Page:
Between 1988 and 1990 I carried out ethnographic fieldwork in the Science Museum, London – Britain’s national museum of science and industry, generally acknowledged to be one of the world’s major science museums. Looking back, I can still feel the tremor of excitement I felt on first being permitted to go ‘backstage’ with my own key to use doors – half-hidden by displays – at the back of galleries leading to what seemed initially like a maze of footfall-echoey spiral staircases and further mysterious doors, behind the scenes. The world which I was exploring as an ethnographer was quite literally divided into ‘back...

  10. Part IV Anthropologists as cultural producers
    • 9 Unsettling the meaning: CRITICAL MUSEOLOGY, ART AND ANTHROPOLOGICAL DISCOURSES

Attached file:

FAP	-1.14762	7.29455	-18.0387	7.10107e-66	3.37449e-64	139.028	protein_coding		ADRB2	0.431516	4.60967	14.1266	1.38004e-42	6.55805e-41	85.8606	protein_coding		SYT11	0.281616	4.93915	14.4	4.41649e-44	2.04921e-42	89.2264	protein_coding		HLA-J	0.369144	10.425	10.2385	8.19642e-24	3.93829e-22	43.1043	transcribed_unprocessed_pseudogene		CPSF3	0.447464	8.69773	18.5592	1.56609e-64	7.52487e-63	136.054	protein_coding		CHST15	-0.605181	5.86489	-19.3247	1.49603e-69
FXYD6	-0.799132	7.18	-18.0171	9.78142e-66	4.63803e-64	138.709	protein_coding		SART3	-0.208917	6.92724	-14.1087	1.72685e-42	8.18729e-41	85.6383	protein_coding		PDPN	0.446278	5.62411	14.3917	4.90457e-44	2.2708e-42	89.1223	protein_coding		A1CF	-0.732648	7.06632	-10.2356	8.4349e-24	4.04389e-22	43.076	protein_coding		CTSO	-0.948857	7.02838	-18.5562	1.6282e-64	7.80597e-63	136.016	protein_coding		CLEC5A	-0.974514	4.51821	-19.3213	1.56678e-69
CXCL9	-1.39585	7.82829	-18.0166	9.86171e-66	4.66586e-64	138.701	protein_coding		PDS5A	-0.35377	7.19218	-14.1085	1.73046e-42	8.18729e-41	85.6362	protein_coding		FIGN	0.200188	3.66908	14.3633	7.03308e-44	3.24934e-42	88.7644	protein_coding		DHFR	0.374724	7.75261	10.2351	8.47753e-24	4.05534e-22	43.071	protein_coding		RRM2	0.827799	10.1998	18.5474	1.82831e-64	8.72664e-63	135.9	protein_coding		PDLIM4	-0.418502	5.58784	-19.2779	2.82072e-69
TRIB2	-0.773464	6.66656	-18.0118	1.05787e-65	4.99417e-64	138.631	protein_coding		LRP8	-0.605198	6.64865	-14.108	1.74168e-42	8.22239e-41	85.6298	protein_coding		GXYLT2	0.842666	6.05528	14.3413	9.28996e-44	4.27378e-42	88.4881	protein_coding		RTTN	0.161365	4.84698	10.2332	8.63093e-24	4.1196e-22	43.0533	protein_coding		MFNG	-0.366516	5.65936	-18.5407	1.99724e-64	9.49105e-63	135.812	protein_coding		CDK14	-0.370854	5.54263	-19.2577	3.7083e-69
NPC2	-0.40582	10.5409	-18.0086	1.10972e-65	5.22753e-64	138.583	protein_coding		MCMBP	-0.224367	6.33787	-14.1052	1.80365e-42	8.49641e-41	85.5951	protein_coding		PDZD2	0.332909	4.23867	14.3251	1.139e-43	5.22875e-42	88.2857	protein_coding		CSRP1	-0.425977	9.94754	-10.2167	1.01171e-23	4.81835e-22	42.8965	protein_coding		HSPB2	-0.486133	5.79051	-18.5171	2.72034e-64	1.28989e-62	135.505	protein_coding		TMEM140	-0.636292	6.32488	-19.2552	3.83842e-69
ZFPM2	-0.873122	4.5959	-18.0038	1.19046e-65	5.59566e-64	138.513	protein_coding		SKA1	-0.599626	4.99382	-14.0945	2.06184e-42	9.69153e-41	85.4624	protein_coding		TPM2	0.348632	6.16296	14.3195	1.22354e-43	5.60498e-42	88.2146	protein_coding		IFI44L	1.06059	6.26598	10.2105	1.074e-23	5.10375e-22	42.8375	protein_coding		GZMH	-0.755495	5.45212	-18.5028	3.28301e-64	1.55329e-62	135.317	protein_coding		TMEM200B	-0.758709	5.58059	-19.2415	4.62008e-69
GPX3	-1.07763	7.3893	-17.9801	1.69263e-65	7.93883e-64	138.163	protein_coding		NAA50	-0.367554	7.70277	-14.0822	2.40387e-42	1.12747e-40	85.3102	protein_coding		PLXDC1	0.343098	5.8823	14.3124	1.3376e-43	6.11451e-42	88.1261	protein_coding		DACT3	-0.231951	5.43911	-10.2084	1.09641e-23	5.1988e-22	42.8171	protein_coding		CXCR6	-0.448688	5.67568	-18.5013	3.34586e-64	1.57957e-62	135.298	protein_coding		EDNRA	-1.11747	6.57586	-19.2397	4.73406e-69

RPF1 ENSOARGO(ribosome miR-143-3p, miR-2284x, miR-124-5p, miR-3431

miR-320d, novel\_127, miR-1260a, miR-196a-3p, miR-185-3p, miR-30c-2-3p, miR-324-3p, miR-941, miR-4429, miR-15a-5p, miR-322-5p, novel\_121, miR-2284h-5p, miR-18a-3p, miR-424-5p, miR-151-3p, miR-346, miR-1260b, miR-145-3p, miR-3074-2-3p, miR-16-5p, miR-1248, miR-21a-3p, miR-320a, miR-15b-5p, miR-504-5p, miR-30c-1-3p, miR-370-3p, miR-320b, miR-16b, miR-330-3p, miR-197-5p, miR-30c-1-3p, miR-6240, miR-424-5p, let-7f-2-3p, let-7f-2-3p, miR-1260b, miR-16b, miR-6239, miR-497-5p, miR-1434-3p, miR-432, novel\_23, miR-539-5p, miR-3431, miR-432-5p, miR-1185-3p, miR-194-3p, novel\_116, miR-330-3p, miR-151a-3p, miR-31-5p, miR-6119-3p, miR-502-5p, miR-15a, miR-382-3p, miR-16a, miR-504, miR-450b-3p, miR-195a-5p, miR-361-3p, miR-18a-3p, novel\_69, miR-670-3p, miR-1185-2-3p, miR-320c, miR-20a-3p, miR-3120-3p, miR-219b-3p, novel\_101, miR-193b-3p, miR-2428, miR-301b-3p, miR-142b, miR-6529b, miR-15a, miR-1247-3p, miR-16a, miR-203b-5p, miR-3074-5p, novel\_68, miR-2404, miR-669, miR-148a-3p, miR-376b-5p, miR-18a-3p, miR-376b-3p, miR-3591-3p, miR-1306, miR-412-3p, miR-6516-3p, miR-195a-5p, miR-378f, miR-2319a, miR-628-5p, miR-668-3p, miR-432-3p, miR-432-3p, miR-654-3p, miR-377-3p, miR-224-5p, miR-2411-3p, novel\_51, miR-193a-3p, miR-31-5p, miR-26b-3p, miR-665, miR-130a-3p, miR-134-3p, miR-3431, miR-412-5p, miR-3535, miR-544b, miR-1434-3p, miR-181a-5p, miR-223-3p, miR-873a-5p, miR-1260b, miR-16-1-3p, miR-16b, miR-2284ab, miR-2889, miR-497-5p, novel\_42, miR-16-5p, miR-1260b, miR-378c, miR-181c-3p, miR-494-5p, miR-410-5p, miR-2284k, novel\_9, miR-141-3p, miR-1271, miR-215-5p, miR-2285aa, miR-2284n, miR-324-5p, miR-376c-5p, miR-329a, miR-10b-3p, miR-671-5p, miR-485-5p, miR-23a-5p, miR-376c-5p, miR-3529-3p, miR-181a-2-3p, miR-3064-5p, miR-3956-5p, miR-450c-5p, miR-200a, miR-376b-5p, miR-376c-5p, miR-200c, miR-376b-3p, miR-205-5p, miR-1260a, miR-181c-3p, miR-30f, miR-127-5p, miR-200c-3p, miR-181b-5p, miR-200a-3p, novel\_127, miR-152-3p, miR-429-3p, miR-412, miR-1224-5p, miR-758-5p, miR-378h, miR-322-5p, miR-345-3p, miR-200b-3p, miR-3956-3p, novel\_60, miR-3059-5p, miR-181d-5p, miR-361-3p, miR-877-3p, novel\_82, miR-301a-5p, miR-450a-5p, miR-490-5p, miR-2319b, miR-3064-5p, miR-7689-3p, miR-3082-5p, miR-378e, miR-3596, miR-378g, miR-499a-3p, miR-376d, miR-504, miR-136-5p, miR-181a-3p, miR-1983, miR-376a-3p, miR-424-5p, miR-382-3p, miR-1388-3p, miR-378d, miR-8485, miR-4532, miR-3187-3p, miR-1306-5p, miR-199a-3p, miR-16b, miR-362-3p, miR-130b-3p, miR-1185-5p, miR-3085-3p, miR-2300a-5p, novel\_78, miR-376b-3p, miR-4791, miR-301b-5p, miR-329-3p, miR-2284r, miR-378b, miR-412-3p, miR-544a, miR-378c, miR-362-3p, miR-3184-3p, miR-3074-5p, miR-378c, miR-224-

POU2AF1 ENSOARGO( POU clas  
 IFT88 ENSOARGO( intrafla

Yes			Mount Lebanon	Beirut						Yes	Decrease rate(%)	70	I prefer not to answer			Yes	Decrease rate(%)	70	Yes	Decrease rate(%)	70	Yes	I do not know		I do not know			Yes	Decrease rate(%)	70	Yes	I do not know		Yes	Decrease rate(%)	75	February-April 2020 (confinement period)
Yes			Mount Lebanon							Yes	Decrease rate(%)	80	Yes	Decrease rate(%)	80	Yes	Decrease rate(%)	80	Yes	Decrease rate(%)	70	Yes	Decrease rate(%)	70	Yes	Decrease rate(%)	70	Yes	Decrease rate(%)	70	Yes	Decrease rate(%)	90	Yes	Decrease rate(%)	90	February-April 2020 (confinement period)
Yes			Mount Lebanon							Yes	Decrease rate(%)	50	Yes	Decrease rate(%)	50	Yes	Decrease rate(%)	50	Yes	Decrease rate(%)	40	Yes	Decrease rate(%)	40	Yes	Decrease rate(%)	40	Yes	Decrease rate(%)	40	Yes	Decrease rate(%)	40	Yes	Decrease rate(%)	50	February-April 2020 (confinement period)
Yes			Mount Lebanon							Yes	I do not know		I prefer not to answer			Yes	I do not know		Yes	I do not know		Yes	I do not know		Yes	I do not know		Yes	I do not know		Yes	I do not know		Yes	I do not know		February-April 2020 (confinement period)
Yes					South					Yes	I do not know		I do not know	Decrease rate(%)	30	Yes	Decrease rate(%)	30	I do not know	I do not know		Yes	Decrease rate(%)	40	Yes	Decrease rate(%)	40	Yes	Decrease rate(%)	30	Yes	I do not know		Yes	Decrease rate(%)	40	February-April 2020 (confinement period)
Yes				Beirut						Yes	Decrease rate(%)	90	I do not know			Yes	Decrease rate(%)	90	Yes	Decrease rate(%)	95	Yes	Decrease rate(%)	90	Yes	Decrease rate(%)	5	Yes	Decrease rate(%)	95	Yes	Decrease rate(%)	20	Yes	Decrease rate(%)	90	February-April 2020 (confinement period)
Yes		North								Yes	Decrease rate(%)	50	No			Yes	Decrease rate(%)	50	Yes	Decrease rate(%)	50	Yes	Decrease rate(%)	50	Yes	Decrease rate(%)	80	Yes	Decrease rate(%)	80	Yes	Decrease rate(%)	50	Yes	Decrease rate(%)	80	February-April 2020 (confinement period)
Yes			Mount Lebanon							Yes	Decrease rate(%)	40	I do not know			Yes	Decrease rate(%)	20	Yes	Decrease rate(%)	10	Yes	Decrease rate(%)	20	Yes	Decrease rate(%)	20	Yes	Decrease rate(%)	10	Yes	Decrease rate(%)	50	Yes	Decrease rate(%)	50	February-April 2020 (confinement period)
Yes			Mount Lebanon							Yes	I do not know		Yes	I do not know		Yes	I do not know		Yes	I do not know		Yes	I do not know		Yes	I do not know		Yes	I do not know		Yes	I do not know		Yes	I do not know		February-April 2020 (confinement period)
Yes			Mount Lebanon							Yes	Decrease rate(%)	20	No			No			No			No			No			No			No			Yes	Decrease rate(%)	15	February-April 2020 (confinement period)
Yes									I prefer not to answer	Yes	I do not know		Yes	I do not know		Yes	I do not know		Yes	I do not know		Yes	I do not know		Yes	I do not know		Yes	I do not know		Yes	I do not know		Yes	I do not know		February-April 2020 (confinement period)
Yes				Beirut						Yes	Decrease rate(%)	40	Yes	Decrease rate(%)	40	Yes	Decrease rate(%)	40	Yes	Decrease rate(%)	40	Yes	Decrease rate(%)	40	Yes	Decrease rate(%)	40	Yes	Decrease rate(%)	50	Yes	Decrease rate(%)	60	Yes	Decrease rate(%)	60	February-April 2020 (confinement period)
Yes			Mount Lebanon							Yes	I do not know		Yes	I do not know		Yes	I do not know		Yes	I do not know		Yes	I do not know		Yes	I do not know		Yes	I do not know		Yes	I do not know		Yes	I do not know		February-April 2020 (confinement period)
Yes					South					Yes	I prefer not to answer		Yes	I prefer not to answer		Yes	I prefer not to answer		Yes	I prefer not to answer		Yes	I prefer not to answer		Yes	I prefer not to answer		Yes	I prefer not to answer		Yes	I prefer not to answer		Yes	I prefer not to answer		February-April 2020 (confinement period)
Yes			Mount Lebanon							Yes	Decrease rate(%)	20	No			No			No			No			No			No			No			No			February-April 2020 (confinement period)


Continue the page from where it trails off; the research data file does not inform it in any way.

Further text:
(pp. 142-161)
      Anthony Shelton

      InThe conflict of interpretations(1974), Paul Ricoeur makes a distinction between three types of knowledge based on their different epistemological ascriptions. These distinctions provide a useful starting point for discussion about the variants of anthropological discourse and their relationship with what I have termed elsewhere, ‘the three museologies’ (Shelton 1995b: 7). Briefly, Ricoeur distinguishes between what we might call a culture’s operative discourses, disciplinary regimes of knowledge, and critical philosophy. This latter practice subjects the first two narrative forms to analytical scrutiny or, to use a postmodernist idiom, fields a sustained ‘incredulity to meta-narratives’ (Lyotard 1984: xxiv). It is clear...

    • 10 Inside out: CULTURAL PRODUCTION IN THE MUSEUM AND THE ACADEMY
      (pp. 162-176)
      Jeanne Cannizzo